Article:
II. Jury Instruction
Gracia also contends that the trial court erred in refusing his jury instruction on excessive use of force by police. In reviewing a trial court's decision to give or refuse tendered jury instructions, we consider: (1) whether the instruction correctly states the law; (2) whether there is evidence in the record to support the giving of the instruction; and (3) whether the substance of the tendered instruction is covered by other instructions that are given. Chambers v. State, 734 N.E.2d 578, 580 (Ind.2000), reh'g denied. A defendant is only entitled to reversal if he affirmatively demonstrates that the instructional error prejudiced his substantial rights. Hero v. State, 765 N.E.2d 599, 602 (Ind.Ct.App.2002), trans. denied.
Gracia tendered a jury instruction on the use of excessive force by police. The trial court refused Gracia's tendered instruction, stating that it did not believe the instruction was a “good statement of the law” in light of the Supreme Court's decision in Barnes v. State. We agree.
In Barnes, the Court held “there is no right to reasonably resist unlawful entry by police officers.” 946 N.E.2d at 574. The instruction tendered by Gracia provided a defense to the charges against him by converting the police officers to trespassers or unlawful enterers in his home by arguing that they used unnecessary force. See Appellant's App. p. 153 (“[I]f [a police officer] does use such unnecessary force, he thereby becomes a trespasser, and an arrestee therefore may resist the arrester's use of excessive force by the use of reasonable force ․”) (emphasis added). In this way, Gracia argued that he was permitted to use reasonable force against the police officers in his garage. This was not permitted at the time under Barnes.4 We conclude that the trial court did not abuse its discretion in refusing this instruction.
III. Inappropriate Sentence
Finally, Gracia contends that his eight-year sentence for Class C felony disarming of a law enforcement officer is inappropriate in light of the nature of the offense and his character.
Although a trial court may have acted within its lawful discretion in imposing a sentence, Article 7, Sections 4 and 6 of the Indiana Constitution authorize independent appellate review and revision of sentences through Indiana Appellate Rule 7(B), which provides that a court “may revise a sentence authorized by statute if, after due consideration of the trial court's decision, the Court finds that the sentence is inappropriate in light of the nature of the offense and the character of the offender.” Reid v. State, 876 N.E.2d 1114, 1116 (Ind.2007) (citing Anglemyer v. State, 868 N.E.2d 482, 491 (Ind.2007), clarified on reh'g, 875 N.E.2d 218 (Ind.2007)). The defendant has the burden of persuading us that his sentence is inappropriate. Id. (citing Childress v. State, 848 N.E.2d 1073, 1080 (Ind.2006)).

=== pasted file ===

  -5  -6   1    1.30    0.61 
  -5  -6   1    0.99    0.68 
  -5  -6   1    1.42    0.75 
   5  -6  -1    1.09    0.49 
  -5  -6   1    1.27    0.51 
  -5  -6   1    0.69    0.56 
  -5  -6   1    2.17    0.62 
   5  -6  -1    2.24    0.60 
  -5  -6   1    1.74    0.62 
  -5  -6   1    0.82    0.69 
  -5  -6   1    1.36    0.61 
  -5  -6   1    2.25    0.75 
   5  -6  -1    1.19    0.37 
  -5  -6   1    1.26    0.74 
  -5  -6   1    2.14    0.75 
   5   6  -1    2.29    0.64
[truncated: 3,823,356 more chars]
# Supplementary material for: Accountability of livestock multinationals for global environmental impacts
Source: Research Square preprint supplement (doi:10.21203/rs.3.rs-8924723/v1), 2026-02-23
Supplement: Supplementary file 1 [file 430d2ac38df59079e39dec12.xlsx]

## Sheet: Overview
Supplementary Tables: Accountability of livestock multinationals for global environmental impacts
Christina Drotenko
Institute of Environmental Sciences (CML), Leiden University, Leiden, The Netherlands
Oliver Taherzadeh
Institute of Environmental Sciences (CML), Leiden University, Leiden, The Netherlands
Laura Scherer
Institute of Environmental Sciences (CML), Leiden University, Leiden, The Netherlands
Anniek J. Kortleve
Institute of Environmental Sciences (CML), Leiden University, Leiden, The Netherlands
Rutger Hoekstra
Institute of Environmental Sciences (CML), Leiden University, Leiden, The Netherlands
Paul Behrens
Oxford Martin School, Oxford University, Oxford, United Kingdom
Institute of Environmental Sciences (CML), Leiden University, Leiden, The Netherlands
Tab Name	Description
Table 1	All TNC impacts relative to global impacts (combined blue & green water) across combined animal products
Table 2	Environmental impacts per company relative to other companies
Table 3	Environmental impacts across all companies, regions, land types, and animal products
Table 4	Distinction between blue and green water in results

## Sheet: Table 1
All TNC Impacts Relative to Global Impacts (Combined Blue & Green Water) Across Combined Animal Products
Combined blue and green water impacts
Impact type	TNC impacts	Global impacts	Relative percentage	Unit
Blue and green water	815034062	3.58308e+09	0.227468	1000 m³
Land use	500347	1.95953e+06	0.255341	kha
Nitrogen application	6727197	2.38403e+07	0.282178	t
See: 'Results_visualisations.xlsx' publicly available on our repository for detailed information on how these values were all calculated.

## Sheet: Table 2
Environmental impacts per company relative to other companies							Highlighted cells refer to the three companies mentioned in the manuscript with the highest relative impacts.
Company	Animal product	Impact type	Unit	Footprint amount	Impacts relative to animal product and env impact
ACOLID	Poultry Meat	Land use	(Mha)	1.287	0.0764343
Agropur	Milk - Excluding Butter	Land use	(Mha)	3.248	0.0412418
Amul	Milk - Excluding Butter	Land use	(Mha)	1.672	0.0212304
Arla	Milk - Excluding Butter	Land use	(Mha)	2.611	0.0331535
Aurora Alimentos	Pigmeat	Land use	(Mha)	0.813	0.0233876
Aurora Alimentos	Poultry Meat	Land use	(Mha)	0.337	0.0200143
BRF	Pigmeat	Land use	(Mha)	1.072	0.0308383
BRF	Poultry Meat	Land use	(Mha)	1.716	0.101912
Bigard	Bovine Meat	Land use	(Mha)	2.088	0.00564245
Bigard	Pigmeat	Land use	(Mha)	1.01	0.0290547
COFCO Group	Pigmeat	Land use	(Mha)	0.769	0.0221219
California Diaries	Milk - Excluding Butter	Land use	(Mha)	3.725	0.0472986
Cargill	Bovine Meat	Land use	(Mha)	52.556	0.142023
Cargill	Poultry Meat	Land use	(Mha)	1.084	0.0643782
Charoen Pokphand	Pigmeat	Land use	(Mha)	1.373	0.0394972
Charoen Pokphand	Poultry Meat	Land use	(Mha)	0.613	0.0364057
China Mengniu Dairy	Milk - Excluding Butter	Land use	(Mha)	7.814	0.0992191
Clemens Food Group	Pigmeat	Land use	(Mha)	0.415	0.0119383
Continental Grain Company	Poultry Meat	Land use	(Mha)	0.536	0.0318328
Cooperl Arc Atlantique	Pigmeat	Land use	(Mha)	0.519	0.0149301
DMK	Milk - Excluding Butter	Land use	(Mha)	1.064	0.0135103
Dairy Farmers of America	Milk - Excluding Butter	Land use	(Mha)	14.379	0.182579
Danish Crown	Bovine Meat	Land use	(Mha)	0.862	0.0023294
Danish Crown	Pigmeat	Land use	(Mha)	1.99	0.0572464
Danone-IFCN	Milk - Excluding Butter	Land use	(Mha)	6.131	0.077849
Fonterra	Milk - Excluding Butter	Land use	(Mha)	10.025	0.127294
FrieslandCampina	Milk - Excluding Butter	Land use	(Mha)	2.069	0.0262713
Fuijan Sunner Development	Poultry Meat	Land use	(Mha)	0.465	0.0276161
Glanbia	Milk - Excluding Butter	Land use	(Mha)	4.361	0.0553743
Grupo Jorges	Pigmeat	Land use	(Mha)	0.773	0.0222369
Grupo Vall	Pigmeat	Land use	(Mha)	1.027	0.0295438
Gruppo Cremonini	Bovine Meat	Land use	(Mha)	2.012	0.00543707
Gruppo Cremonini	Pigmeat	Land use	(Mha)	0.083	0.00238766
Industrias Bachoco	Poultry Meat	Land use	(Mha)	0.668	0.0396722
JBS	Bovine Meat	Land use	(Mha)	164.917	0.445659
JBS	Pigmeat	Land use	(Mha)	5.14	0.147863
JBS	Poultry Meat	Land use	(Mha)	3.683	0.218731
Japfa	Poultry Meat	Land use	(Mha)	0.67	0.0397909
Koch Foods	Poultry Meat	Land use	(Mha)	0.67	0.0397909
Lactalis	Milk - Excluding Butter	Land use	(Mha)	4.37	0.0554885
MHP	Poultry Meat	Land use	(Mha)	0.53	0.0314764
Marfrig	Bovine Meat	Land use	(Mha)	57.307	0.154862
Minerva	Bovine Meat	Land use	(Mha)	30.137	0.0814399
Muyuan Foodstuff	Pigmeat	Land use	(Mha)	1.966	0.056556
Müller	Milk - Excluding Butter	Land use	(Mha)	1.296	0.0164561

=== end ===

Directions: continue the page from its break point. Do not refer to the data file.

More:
The principal role of Rule 7(B) review “should be to attempt to leaven the outliers, and identify some guiding principles for trial courts and those charged with improvement of the sentencing statutes, but not to achieve a perceived ‘correct’ result in each case.” Cardwell v. State, 895 N.E.2d 1219, 1225 (Ind.2008). We “should focus on the forest—the aggregate sentence—rather than the trees—consecutive or concurrent, number of counts, or length of the sentence on any individual count.” Id. Whether a sentence is inappropriate ultimately turns on the culpability of the defendant, the severity of the crime, the damage done to others, and a myriad of other factors that come to light in a given case. Id. at 1224.
The sentencing range for a Class C felony is two to eight years, with four years being the advisory term. Ind.Code § 35–50–2–6. Here, the trial court sentenced Gracia to eight years, the maximum sentence for this offense.
Regarding the nature of the offense, there is nothing in the record that indicates that this sentence is inappropriate. Gracia refused to allow law enforcement officers to handcuff him and initiated a physical altercation with the officers in his garage. During that altercation, Gracia charged at the officers, punching and kicking them. Despite the use of a taser and mace, Gracia continued to physically threaten the officers. Most importantly, as the altercation escalated, Gracia attempted to remove a handgun from one of the officers' belts. The trial court noted that the only thing that had prevented “gunplay” during the altercation was the design of the officer's holster. The nature of this offense was serious.
Regarding his character, Gracia has a criminal history that includes violence directed at law enforcement. In 2002, Gracia was convicted of dealing in marijuana and resisting law enforcement. In February 2010, Gracia was convicted of battery with bodily injury. When sentencing Gracia in this case, the trial court noted, as we do on appeal, Gracia's pattern of violent behavior toward others, including law enforcement. Gracia has failed to persuade us that his sentence is inappropriate in light of the nature of the offense and his character.
MATHIAS, J., and BARNES, J., concur.